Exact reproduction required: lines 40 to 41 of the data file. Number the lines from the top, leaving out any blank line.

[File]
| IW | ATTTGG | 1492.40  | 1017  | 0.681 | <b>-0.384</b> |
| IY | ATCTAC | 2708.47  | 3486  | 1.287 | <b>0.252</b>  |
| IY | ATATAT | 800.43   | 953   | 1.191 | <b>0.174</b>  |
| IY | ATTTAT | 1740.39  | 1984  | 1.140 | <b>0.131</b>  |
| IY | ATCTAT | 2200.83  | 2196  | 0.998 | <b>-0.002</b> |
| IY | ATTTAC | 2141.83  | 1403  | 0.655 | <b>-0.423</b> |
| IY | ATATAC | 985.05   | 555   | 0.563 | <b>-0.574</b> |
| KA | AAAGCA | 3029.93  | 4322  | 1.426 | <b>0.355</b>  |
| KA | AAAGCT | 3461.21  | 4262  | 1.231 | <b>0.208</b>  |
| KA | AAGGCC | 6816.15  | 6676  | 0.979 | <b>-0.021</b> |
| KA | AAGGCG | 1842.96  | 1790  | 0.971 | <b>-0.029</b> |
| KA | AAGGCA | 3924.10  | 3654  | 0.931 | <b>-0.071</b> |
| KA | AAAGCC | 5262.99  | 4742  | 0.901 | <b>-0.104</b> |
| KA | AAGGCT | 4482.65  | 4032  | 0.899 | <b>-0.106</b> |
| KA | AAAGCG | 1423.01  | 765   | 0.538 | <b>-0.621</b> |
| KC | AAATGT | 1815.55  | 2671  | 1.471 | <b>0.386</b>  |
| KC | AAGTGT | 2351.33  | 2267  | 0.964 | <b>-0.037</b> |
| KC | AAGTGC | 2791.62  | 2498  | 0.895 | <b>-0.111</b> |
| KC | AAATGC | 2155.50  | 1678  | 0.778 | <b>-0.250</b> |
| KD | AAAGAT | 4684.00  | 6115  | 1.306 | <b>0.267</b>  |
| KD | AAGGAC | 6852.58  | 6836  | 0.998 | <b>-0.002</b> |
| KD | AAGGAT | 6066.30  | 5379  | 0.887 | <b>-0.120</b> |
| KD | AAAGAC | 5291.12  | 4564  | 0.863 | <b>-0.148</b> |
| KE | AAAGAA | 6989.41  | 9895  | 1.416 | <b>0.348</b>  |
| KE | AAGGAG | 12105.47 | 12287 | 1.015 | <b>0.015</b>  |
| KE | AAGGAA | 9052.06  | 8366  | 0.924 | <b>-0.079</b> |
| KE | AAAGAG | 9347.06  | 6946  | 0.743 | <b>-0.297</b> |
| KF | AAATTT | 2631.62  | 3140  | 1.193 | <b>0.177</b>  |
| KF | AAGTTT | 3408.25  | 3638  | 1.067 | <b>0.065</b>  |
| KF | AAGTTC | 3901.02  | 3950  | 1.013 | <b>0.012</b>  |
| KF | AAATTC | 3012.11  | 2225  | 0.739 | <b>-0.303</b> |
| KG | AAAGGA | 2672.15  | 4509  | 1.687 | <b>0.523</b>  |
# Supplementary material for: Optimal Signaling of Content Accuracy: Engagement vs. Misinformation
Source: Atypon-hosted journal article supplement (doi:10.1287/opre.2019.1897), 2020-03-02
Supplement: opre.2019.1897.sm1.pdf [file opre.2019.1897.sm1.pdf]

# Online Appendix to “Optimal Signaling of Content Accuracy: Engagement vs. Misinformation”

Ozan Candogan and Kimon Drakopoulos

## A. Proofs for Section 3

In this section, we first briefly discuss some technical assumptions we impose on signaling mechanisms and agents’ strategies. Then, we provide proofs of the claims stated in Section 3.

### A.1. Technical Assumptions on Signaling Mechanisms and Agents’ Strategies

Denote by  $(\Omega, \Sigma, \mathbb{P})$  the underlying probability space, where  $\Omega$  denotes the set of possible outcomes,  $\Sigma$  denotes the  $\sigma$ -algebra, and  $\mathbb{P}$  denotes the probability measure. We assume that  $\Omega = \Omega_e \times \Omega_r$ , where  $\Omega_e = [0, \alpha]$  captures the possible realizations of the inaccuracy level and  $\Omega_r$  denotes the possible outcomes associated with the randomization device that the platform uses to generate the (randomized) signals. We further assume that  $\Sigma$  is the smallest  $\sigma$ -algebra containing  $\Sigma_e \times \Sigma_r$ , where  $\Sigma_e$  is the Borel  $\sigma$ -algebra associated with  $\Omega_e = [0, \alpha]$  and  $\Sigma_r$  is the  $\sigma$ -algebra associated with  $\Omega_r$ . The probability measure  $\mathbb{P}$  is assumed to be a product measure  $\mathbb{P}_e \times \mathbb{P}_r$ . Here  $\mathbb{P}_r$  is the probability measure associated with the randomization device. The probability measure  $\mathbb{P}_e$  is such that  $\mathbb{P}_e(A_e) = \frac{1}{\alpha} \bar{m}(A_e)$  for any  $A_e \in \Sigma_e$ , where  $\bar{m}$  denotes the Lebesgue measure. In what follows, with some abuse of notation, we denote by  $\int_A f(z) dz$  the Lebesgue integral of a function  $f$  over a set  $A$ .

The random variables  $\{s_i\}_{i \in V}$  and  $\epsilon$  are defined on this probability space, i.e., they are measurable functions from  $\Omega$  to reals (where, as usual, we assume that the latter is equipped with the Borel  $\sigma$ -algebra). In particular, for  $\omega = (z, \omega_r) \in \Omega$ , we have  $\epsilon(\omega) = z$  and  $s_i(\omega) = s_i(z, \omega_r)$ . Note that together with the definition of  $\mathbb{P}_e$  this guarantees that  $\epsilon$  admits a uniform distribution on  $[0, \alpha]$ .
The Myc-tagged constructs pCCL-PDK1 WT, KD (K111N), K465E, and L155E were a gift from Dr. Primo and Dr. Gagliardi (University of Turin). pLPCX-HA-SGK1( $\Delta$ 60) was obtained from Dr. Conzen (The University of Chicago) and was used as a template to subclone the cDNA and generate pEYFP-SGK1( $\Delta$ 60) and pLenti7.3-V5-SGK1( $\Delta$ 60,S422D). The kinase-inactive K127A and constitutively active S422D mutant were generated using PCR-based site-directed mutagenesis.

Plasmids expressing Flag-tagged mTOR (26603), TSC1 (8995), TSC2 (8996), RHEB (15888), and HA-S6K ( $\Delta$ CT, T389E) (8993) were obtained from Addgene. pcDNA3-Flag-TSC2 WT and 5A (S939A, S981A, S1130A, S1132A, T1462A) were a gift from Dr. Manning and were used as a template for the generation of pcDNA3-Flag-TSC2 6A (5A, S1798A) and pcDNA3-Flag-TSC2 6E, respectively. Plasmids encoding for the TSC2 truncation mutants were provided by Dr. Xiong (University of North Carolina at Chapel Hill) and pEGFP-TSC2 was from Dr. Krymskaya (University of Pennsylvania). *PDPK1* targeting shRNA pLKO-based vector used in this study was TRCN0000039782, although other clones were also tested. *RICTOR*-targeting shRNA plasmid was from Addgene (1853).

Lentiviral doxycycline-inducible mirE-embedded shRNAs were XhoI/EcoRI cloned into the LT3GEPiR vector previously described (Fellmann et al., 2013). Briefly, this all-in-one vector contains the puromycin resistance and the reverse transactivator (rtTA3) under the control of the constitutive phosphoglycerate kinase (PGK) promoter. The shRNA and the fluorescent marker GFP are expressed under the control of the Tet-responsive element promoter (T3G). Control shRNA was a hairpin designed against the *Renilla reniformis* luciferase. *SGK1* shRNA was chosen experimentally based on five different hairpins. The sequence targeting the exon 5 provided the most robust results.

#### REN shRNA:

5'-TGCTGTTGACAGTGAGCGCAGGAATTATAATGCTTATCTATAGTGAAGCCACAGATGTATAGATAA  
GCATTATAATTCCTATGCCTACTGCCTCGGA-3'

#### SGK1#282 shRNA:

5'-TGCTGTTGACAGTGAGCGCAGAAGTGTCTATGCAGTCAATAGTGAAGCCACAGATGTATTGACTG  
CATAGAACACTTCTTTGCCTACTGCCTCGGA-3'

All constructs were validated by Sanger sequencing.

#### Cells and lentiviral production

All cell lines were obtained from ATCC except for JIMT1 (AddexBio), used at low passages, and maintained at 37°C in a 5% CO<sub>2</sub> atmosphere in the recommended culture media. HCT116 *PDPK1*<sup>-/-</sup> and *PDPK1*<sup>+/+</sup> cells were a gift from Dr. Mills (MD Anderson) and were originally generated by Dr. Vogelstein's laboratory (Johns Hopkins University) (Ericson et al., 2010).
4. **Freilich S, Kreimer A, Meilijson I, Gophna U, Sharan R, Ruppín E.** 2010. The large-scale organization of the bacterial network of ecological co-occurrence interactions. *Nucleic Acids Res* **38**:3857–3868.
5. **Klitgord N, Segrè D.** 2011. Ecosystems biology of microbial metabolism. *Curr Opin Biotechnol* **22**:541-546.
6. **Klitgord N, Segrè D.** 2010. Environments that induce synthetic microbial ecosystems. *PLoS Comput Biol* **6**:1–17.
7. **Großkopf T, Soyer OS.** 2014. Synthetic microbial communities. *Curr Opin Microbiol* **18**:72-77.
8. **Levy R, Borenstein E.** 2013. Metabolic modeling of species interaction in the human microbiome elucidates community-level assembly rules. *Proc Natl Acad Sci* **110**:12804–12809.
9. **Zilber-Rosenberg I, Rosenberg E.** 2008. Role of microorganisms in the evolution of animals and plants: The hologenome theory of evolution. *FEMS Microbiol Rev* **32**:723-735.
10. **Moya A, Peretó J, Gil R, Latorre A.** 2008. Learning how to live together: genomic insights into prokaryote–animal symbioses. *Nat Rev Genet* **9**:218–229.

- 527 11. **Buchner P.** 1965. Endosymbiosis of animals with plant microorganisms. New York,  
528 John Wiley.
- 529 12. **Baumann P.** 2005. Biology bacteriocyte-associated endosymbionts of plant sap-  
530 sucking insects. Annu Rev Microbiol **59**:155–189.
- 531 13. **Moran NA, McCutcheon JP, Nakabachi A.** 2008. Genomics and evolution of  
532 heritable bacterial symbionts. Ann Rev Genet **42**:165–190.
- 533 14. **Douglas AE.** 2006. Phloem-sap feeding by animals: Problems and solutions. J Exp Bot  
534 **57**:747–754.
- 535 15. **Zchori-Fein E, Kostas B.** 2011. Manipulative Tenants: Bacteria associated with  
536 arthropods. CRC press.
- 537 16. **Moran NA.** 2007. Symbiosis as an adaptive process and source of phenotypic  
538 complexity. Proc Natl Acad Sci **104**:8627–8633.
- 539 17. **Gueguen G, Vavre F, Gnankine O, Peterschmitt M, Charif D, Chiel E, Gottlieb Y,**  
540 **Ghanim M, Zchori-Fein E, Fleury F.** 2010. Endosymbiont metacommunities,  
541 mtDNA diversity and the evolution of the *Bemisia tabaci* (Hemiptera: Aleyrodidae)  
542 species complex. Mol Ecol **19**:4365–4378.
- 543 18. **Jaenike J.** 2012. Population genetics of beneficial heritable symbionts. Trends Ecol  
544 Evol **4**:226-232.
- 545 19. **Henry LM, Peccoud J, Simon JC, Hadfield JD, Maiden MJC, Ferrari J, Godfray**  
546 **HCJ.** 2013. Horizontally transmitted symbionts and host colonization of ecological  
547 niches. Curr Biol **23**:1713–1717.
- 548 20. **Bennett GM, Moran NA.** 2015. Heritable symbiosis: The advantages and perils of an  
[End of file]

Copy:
### A.1. Technical Assumptions on Signaling Mechanisms and Agents’ Strategies

Denote by  $(\Omega, \Sigma, \mathbb{P})$  the underlying probability space, where  $\Omega$  denotes the set of possible outcomes,  $\Sigma$  denotes the  $\sigma$ -algebra, and  $\mathbb{P}$  denotes the probability measure. We assume that  $\Omega = \Omega_e \times \Omega_r$ , where  $\Omega_e = [0, \alpha]$  captures the possible realizations of the inaccuracy level and  $\Omega_r$  denotes the possible outcomes associated with the randomization device that the platform uses to generate the (randomized) signals. We further assume that  $\Sigma$  is the smallest  $\sigma$ -algebra containing  $\Sigma_e \times \Sigma_r$ , where  $\Sigma_e$  is the Borel  $\sigma$ -algebra associated with  $\Omega_e = [0, \alpha]$  and  $\Sigma_r$  is the  $\sigma$ -algebra associated with  $\Omega_r$ . The probability measure  $\mathbb{P}$  is assumed to be a product measure  $\mathbb{P}_e \times \mathbb{P}_r$ . Here  $\mathbb{P}_r$  is the probability measure associated with the randomization device. The probability measure  $\mathbb{P}_e$  is such that  $\mathbb{P}_e(A_e) = \frac{1}{\alpha} \bar{m}(A_e)$  for any  $A_e \in \Sigma_e$ , where  $\bar{m}$  denotes the Lebesgue measure. In what follows, with some abuse of notation, we denote by  $\int_A f(z) dz$  the Lebesgue integral of a function  $f$  over a set  $A$ .